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‘I can just vividly play it out in my mind’

The events of Sept. 11, 2001, touched every part of America, and Preston County was no exception.

Preston County Administrator Kathy Mace was then a county commissioner at home when she got a call to turn on the TV. She went to work and everyone was concerned and full of questions about what to do. Everyone ended up staying at the office but Mace said the one word she would use to describe the day was scary.

Commissioner Dave Price was on his way home from vacation with his wife at North Myrtle Beach and not too far outside Washington, D.C., when he heard the news over the radio on WTOP.

“And we listened to that for a long time, wishing that we could see it. But we’re driving. And we couldn’t see any TV coverage of it,” Price said. “So as soon as we got back close to home or to home, first thing we did was turn on the TV and start watching. But that was hours after it had happened.”

As he was driving, Price thought about how he wasn’t too far from Washington and that they, “better get the heck out of Dodge.”

Commissioner Samantha Stone was a nanny at the time. She remembers a lot of uncertainty. She was responsible for other people, and she saw things on TV that felt like what she learned about as a child.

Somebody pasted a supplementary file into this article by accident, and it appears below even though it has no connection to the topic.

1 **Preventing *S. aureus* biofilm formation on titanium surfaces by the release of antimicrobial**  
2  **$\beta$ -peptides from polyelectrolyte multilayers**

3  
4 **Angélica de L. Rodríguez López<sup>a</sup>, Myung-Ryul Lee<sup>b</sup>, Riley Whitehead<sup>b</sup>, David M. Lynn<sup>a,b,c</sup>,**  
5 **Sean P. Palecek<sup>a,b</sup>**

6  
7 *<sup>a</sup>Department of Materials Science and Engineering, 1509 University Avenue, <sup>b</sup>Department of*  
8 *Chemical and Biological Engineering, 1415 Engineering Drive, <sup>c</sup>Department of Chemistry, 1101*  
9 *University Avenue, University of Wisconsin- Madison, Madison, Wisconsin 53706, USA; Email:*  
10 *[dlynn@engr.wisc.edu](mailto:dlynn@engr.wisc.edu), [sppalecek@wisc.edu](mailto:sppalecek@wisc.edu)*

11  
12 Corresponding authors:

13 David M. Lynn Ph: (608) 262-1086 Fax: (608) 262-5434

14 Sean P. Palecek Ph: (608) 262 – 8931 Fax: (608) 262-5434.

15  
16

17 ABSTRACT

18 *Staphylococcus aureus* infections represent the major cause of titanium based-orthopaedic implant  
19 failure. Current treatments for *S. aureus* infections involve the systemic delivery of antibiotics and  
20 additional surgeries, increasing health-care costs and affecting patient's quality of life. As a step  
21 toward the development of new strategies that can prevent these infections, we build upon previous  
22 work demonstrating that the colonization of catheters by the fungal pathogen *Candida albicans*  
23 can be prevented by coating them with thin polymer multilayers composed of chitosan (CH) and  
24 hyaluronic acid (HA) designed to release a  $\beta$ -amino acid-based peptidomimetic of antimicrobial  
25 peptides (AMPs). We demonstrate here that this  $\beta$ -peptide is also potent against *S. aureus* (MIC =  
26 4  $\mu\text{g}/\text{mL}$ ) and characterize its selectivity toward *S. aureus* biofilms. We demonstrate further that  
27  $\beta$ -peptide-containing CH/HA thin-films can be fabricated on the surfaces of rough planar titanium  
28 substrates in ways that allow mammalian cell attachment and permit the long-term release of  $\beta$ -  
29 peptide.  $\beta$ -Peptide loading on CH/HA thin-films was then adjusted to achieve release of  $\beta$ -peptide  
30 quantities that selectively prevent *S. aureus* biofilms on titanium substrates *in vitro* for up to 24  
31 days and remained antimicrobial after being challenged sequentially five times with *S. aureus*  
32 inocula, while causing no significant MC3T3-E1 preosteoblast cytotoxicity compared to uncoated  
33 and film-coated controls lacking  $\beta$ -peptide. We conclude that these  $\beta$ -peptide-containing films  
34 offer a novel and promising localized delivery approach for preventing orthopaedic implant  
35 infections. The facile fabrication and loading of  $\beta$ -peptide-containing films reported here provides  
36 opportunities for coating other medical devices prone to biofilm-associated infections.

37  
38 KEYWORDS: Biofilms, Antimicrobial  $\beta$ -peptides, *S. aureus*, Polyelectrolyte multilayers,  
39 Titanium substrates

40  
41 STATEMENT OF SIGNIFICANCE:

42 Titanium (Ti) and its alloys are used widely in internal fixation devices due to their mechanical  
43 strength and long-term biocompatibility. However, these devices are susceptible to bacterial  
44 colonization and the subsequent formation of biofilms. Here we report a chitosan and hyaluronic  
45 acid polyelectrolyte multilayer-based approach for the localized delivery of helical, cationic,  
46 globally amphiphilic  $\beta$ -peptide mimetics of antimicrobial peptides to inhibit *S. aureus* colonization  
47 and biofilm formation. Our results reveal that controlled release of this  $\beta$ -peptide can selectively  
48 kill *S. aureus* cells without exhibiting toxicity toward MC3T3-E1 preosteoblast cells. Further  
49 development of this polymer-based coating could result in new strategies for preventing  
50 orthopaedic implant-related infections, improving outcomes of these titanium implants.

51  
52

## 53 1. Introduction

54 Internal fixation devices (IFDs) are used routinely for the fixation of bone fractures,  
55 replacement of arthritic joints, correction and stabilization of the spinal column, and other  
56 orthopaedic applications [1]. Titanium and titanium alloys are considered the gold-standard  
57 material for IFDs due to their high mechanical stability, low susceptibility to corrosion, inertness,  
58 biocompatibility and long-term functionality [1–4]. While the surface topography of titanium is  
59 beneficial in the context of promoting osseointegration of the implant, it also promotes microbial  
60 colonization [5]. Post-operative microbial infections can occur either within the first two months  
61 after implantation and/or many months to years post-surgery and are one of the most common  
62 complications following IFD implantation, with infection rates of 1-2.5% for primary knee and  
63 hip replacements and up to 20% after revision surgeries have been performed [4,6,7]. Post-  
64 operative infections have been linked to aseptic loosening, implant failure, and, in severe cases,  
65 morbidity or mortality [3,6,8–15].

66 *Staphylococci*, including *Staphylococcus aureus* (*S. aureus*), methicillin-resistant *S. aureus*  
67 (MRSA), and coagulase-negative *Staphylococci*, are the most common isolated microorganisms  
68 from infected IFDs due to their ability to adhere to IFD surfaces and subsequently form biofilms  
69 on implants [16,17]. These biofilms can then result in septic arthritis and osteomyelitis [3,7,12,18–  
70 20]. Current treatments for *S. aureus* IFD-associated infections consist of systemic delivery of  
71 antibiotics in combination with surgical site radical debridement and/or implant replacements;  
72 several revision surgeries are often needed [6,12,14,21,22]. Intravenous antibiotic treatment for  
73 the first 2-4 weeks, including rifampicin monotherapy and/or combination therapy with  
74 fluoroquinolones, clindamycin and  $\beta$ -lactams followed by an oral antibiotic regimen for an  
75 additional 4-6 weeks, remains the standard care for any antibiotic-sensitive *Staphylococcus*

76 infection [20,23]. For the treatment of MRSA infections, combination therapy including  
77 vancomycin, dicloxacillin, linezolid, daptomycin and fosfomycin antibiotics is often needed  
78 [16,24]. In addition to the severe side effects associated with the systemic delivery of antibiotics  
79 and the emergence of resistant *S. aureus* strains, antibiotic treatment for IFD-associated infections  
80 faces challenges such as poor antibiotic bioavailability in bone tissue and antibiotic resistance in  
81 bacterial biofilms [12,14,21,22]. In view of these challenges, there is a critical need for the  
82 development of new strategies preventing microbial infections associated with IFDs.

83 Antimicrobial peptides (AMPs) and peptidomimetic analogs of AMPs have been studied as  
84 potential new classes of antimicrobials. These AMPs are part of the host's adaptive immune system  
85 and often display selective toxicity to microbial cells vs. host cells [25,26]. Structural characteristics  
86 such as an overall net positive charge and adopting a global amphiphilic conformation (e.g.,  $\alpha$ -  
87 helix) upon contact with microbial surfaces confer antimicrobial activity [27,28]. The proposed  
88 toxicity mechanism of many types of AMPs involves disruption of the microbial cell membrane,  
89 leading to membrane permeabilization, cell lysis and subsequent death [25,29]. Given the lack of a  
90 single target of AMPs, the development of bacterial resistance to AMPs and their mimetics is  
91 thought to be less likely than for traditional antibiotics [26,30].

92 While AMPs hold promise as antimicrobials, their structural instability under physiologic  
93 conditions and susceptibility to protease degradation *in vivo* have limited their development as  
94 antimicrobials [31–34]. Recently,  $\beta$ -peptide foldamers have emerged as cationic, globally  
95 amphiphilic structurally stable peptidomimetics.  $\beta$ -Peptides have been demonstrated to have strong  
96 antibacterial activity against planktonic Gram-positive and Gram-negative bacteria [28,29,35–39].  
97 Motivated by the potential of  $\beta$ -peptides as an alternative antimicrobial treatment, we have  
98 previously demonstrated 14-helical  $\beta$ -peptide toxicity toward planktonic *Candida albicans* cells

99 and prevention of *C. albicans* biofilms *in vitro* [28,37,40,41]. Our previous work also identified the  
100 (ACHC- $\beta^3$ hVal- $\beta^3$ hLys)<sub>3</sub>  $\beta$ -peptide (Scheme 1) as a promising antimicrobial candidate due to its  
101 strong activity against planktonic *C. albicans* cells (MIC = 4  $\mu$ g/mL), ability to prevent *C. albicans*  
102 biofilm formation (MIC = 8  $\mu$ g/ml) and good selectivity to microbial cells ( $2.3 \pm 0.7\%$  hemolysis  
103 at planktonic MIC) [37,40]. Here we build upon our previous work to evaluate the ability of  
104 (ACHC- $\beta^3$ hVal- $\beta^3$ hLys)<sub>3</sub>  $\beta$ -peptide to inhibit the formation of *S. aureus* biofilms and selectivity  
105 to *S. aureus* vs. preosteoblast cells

“And for one time, in my lifetime, we were, I don’t know what  quite the right word is, other than we were very vulnerable to, you know, just a lot of bad things,” Stone said. “It was scary.”

But while so many, including Preston County Schools Superintendent Stephen Wotring, remember the day clearly, for students today it’s just something in the history books.

“I can just vividly play it out in my mind,” Wotring said. “For these kids it’s something that they read about in a history book. And it’s not as real and relevant to them. And so I think one of the challenges we have is to keep that history alive and not let it be just the page in a history book.

“But how it was truly a turning point in our country and how it changed so much about how we operate, Wotring said, adding he doesn’t want anyone to forget about those changes and wants to make sure the next generation learns the enormity of the attacks.

  “We just need to make sure that we are able to bring that to children in a way that is not sensationalized, but that the impact is able to be truly felt,” he said.

Wotring, then principal at Bruceton School, decided to try to make things as normal as possible for the kids — not making an announcement or canceling school. Students whose concerned parents came to get them were released.

“And it was just one of those days where you just kind of felt like you were spinning,” Wotring said. “And you just had zero control of what was going on in the world at that moment, or, or even in the school at the moment really, and just kind of scratching your head wondering what in the world is happening.”

Preston County Circuit Court Judge Steven Shaffer was in law school at  WVU College of Law when he heard, about the planes hitting the towers.

“I guess when the first one hit, you kind of thought it was just, you know, some kind of mechanical problems,” Shaffer said. “And then as things escalated throughout the day, then, you know, was thankful that I live in America, and I knew that we were going to be OK.”

Shaffer said his heart goes out to all the individuals and their families who were killed and injured that day and for the emotional damage the attack caused so many Americans.

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